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Want school choice? Oppose the Blaine Amendment

On July 18, the Colorado Advisory Committee to the U.S. Commission on Civil Rights held a public briefing to examine the Blaine Amendment as a civil rights issue based on its discrimination against Catholics and freedom of school choice.

But the amendment is a nearly 150-year-old-law.

In 1875, a time when immigration was changing the face of the nation, the then-speaker of the House of Representatives, James Blaine, Republican U.S. Representative from Maine, proposed an amendment to the U.S. Constitution.

It may seem harmless on paper, but the intention behind the amendment — which passed in the House 180 to 7 and just missed passing in the Senate, only short by two votes — was to target Catholic schools and block them from government funding. While it didn’t pass federally, 38 states implemented this amendment.

Now known as the Blaine Amendment, the law states, “Neither the general assembly, nor any county, city, town, township, school district or other public corporation, shall ever make any appropriation, or pay from any public fund or moneys whatever, anything in aid of any church or sectarian society, or for any sectarian purpose, or to help support or sustain any school, academy, seminary, college, university or other literary or scientific institution, controlled by any church or sectarian denomination whatsoever.” Colorado Const. Art. IX, § 7.

“Sectarian”? Read: Catholic.

At the time that the amendment took effect, the country was faced with widespread immigration, especially from the Irish, who were predominantly Catholic.

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This threatened the primarily Protestant Americans, who saw the Irish Catholics as anti-American as the immigrants began forming their own Catholic schools to avoid Protestant teaching.

According to writer Philip Hamburger in an article about the amendment, Blaine, who hoped to run for president, thought a good way to get votes would be to block these Catholic schools from government funding, calling them and any other religions that can’t partner with other religions in schools, “sectarian.”

In Douglas County, due to a Colorado Supreme Court ruling in 2015, students were blocked from receiving vouchers to attend private schools that met district criteria, which included some religious schools. Now due to the ruling, a clause was added to the state amendment, which bars “public moneys” from being given “in aid of any church or sectarian society.”

Jennifer Kraska, executive director of the Colorado Catholic Conference, attended the public meeting on July 18 among some other 50 people, she said.

The members of the committee were “well-split for or against,” according to Kraska and presented 10-minute descriptions on why they supported or opposed the amendment.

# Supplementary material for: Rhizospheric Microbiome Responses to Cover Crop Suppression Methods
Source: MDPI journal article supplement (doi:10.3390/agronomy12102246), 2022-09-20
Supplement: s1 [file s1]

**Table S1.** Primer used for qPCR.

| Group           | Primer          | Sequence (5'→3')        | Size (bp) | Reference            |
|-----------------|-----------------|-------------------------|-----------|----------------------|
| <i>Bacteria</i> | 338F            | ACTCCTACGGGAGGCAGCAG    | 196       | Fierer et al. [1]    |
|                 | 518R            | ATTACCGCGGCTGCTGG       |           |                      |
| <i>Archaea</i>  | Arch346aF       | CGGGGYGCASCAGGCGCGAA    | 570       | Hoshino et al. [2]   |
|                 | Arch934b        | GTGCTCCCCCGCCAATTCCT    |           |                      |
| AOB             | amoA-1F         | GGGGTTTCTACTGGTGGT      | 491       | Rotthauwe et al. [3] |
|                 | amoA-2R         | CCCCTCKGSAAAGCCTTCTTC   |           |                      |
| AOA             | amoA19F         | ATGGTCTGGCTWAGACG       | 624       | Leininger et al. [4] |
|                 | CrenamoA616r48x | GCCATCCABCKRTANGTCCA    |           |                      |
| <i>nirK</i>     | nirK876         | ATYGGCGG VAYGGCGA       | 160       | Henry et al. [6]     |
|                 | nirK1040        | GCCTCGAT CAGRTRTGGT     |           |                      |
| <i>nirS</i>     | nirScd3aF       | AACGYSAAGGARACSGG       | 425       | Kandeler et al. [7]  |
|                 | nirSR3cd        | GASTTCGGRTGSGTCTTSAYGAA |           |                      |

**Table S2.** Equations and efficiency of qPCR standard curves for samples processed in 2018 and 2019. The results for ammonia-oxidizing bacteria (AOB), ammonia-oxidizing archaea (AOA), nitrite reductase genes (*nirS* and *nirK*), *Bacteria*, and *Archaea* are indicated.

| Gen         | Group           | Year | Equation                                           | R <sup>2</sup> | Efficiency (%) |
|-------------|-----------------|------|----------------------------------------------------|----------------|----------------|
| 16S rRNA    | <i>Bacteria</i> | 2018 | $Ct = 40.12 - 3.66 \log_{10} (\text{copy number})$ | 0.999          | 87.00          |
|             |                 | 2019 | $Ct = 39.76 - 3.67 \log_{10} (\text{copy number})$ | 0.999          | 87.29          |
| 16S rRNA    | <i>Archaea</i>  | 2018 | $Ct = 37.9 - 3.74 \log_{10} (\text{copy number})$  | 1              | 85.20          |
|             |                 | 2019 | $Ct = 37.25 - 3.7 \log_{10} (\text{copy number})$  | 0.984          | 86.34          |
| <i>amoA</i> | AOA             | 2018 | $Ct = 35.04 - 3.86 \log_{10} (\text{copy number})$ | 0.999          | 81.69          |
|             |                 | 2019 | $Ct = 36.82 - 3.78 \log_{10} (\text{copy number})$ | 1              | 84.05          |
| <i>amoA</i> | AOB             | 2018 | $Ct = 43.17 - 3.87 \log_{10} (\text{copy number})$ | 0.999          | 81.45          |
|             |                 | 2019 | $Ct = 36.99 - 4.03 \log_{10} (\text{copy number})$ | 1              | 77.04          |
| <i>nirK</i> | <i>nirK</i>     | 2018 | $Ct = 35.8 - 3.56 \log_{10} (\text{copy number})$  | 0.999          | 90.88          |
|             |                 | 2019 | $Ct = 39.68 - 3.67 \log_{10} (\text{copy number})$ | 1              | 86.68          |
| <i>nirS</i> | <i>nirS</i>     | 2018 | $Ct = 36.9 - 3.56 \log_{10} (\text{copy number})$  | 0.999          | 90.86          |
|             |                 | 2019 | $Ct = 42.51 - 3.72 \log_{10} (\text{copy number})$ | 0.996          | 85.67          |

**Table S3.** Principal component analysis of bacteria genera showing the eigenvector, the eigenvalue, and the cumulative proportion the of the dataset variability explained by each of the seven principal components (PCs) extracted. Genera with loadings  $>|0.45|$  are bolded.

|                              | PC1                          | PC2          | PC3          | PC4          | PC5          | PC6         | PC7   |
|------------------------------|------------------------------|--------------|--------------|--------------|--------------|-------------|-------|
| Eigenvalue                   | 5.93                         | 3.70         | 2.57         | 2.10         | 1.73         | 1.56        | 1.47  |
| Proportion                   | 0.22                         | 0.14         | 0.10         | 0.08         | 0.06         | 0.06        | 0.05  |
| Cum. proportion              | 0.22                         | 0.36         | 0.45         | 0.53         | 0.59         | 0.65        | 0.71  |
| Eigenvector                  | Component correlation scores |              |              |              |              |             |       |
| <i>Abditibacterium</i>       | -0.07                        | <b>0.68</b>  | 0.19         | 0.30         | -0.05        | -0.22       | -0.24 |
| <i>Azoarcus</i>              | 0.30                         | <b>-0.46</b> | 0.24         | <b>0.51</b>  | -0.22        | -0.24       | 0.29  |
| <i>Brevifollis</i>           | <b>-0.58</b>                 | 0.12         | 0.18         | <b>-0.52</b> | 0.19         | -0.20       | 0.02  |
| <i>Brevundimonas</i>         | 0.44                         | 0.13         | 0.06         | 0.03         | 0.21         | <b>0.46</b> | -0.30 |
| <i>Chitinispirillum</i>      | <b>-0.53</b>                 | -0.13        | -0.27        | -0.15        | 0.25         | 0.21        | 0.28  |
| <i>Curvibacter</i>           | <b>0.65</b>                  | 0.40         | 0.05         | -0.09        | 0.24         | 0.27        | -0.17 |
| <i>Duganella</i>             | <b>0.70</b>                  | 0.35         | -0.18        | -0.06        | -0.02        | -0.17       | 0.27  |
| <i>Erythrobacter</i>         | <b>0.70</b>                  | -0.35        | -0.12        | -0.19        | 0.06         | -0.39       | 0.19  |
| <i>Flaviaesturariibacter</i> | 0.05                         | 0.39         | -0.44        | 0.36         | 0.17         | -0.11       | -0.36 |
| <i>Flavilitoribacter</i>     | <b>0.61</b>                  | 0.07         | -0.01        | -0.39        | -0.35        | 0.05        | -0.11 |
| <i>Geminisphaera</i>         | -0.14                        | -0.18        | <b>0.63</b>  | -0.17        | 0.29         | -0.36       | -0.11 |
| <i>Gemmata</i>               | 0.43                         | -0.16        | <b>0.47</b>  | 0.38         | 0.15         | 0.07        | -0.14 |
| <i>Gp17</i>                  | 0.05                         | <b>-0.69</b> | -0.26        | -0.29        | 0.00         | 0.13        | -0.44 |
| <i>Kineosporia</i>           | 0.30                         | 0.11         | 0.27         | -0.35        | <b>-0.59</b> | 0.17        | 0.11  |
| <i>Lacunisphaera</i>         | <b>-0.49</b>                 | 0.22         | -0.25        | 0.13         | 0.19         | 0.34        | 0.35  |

Kraska, along with Helen Raleigh, a member of the committee who brought the issue forward, believe that the Blaine Amendment is indeed a civil rights issue that discriminates against Catholics, particularly in the choice of education.

“It’s definitely a civil rights issue, because it affects a lot of people and especially a lot of children, and it’s something that gets glossed over, because people don’t know what it is or understand it,” Kraska said. “[Overturning the amendment would be] providing a choice for families and children, and to deny children that ability in all types of education settings is wrong.”

Raleigh, a writer who discovered the Blaine Amendment’s history while doing research for her book on immigration, The Broken Welcome Mat, wrote in a column, “Many people today probably are unaware of the discriminating nature of the Blaine Amendments.”

But upon discovering it, she saw clearly what needed to be done: Bring it back into the public eye.

“I learned that this law is rooted in anti-Catholic, anti-immigrant bigotry and it still impacts Colorado families today,” Raleigh told Denver Catholic. “So I brought it up to the Colorado Advisory Committee to the U.S. Civil Rights Commission. The Committee voted to investigate.”

The next steps, Kraska said, are to accumulate public comment on the issue in order to eventually bring it to legislature.

“The next steps are to provide an option for legislative movement to provide educational choice programs — we’d have a thriving voucher program in Douglas county and we could see that in other districts,” Kraska said. “It opens the door to more choices for schools that the amendment deems as ‘sectarian’ or religious.”

According to Raleigh, the public has 30 days from the meeting (until Aug. 18) to send comments to the committee to oppose or support the amendment; after that, the committee will gather the comments and interview small groups impacted by the amendment. Finally, they will produce a report, published at the federal level.

Raleigh is hopeful that something can be done to overturn the amendment, and the first step is getting the public’s interest.

“We had three of the speakers recognize [that this is a problem]. It’s a 150-year-old bigotry law and really impacts low-income families,” Raleigh said.

Comments may be sent to 1961 Stout Street, Suite 13-201, Denver, CO 80294 until Aug. 18.


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